If you had contracted the sickness in New York around the turn of the 20th century, you would have lived in quarantine here, which isn’t the most welcome place.
Unsettling photos have surfaced of the abandoned ruins of a leper colony on an island in New York, which once held the iconic sufferer Typhoid Mary as well as the first ever documented asymptomatic disease carrier.
The menacing images display an empty rusted bedframe and a row of rotting chairs arranged in a big hall. In other images, the island is beginning to be reclaimed by nature as vines encroach on and even pass through some of the structures where Typhoid Mary may have resided.
American civil engineer and urban explorer Brendan Clinch (31) of Long Beach, New York took the pictures at North Brother Island with a Canon 5D Mark II.
I don’t remember how it came about, but as soon as I heard that there was an abandoned island in New York City, I knew I wanted to visit it, he said.
“The reason I have kayaks is because of North Brother Island. The existence of sites like North Brother Island, which is currently in ruins, frequently astounds people.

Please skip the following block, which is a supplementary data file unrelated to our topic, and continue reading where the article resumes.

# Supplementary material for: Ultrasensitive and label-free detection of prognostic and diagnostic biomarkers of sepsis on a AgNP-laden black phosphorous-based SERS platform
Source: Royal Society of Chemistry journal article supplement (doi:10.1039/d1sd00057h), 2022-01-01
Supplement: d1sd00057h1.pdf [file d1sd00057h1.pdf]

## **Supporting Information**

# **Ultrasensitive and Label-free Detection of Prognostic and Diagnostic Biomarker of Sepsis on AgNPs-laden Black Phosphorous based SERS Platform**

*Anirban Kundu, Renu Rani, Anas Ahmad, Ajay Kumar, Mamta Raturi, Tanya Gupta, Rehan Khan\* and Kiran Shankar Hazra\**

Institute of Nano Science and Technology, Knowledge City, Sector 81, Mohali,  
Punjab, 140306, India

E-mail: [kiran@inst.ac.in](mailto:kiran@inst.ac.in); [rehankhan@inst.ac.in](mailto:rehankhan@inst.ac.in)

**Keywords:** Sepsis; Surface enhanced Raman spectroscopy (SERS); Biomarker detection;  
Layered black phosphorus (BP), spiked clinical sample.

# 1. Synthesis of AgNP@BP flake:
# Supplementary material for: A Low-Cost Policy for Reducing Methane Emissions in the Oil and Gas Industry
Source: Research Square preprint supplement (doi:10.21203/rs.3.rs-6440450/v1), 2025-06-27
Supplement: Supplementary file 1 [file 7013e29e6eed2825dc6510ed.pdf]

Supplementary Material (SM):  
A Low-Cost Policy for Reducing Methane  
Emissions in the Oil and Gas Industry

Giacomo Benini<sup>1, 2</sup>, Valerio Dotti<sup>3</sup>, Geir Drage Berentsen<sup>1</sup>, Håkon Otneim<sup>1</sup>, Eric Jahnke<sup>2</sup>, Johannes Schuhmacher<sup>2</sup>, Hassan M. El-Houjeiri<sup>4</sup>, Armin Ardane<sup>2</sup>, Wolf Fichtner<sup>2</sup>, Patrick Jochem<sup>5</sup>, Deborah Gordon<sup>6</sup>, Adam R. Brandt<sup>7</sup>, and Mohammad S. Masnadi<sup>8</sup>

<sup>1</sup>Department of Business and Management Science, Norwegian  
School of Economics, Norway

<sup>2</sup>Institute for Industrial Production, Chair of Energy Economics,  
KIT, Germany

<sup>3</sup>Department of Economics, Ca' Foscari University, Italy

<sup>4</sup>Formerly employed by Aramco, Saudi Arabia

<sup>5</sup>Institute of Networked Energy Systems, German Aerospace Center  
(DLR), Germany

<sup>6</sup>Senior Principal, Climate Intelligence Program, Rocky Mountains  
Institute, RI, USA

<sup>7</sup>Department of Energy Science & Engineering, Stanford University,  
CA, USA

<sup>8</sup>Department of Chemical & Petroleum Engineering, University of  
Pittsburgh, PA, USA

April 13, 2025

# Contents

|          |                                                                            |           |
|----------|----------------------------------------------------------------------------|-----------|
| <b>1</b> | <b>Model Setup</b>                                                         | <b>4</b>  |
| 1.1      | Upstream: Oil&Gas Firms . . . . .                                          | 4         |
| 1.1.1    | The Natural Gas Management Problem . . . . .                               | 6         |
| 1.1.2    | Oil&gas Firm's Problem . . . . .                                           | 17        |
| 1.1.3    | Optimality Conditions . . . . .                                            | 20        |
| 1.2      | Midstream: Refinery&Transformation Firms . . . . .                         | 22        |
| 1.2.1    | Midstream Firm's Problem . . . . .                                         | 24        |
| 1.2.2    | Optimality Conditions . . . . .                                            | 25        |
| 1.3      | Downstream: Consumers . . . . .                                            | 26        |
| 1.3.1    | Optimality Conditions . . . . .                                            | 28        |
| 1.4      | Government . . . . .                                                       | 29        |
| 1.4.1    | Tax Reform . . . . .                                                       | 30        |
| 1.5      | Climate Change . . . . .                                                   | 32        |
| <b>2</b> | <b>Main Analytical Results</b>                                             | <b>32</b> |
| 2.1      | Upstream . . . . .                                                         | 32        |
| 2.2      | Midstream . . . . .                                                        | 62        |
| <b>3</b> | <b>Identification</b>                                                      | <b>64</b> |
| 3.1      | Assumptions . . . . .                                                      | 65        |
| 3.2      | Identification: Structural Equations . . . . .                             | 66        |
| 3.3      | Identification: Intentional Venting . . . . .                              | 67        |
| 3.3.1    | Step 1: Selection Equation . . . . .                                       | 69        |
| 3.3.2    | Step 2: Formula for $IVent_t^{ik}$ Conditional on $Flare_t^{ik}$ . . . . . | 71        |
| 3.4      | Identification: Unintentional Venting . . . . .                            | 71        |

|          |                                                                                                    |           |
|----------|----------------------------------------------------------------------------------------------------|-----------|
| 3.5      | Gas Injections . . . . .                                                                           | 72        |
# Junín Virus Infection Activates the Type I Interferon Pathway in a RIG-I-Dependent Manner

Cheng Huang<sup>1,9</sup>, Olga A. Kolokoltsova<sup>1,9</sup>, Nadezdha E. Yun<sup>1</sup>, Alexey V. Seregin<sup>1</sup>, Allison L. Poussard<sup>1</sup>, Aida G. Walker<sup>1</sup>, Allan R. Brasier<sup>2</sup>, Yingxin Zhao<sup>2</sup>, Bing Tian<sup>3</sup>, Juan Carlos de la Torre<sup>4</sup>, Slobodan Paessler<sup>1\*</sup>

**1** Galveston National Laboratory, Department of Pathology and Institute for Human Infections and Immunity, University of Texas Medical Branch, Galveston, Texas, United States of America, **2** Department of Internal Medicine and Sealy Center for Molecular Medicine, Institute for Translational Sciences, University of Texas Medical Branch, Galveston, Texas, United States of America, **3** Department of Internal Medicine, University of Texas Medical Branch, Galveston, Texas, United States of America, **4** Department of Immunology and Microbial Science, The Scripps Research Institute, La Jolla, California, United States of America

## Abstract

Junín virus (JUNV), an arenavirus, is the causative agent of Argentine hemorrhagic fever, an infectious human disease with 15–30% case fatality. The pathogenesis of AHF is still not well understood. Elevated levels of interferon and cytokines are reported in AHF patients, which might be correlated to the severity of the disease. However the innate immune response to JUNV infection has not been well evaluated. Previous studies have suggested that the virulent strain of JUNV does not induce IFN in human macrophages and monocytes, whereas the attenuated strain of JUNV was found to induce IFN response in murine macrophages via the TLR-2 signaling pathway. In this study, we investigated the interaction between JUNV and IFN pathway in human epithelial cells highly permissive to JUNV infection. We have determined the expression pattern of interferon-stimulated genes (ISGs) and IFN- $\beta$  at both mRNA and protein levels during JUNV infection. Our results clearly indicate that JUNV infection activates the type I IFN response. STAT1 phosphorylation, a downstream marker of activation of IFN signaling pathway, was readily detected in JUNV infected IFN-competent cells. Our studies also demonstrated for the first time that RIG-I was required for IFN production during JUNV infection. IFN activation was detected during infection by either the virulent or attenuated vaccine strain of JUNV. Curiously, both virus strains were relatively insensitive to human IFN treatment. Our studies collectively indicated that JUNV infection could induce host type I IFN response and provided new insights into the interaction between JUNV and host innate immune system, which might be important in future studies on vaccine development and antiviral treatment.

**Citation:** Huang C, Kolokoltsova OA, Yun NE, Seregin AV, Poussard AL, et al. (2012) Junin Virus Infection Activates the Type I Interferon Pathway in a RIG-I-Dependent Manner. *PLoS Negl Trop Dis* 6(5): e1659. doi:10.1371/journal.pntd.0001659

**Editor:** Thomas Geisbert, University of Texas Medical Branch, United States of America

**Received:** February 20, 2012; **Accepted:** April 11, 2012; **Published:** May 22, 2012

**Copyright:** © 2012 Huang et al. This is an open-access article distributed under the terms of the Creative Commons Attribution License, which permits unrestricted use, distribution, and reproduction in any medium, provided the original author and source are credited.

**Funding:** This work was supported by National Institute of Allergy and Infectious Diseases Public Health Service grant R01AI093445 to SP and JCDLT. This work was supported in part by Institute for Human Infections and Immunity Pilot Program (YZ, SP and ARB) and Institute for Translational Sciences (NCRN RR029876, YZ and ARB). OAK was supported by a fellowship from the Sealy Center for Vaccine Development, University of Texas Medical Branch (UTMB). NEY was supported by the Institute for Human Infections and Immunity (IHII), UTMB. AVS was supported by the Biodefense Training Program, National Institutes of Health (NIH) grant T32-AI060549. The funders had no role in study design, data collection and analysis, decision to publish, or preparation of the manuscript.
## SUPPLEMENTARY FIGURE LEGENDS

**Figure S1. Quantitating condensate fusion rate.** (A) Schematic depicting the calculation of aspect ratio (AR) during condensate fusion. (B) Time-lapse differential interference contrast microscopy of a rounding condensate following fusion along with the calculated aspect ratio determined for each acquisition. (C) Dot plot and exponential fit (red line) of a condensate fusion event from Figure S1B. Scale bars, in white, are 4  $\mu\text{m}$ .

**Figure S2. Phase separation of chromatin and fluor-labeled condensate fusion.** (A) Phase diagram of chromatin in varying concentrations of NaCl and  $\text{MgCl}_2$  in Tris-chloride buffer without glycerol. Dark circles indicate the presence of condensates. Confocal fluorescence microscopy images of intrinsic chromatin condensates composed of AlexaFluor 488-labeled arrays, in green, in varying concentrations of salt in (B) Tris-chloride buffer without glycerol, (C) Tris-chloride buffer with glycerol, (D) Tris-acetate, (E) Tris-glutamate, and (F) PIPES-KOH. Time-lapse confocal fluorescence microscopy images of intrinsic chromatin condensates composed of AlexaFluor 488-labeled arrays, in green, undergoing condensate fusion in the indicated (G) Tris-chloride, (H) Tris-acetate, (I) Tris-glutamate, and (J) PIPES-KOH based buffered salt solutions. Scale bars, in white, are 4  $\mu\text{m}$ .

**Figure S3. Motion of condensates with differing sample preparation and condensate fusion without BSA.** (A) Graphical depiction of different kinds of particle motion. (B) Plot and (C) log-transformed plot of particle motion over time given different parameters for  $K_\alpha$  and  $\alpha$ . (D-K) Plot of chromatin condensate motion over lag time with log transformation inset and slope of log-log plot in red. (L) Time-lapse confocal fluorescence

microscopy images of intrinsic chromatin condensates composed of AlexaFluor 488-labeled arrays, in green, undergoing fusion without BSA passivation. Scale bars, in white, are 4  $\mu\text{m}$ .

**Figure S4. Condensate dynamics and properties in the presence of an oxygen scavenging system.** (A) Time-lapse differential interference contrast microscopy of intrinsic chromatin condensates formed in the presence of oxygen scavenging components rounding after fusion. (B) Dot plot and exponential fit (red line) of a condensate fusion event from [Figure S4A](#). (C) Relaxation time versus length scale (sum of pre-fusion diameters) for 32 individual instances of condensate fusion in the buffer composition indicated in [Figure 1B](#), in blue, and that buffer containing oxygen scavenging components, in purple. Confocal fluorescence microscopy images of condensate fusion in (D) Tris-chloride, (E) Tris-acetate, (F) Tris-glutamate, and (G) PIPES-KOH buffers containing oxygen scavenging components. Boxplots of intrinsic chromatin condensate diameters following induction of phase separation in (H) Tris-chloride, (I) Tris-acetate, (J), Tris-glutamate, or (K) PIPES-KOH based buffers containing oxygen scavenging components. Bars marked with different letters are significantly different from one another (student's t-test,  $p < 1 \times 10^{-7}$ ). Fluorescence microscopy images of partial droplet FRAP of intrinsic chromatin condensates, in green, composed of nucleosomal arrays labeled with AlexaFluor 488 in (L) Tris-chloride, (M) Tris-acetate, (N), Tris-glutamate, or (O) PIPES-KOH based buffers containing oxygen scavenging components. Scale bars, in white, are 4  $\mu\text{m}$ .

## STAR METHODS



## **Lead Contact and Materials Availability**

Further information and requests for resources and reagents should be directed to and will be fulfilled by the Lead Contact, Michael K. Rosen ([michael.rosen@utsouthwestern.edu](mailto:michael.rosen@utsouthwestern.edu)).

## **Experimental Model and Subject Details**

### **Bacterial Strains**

“I enjoy exploring facets of society that most people will never have the opportunity to experience. Nothing lasts forever. Nature triumphs in the end.
Up until the 1885 relocation of Riverside Hospital, North Brother Island remained uninhabited. It was initially established to treat and confine smallpox patients, but it has since grown to include other diseases that can be quarantined.
Possibly the most notorious sufferer is Mary Mallon, also known as Typhoid Mary. The Irish immigrant, who was born in Cookstown, now in Northern Ireland, is thought to have infected 51 individuals, three of whom passed away.
Mallon served as a cook for seven families in the New York City region from 1900 to 1907. Wherever it traveled, there would soon be a typhoid disease outbreak.
A medical researcher named George Soper released the findings of his examination into the matter in1907, and he concluded that Mallon was to blame for the epidemics.
She was detained by the New York City Health Department on North Brother Island until 1910 when she was released on the condition that she does not work as a cook.
A few years later, working as Mary Brown, Mallon went back to her job as a cook. She was then placed under quarantine following a significant outbreak in which 25 individuals with the disease and two of them died.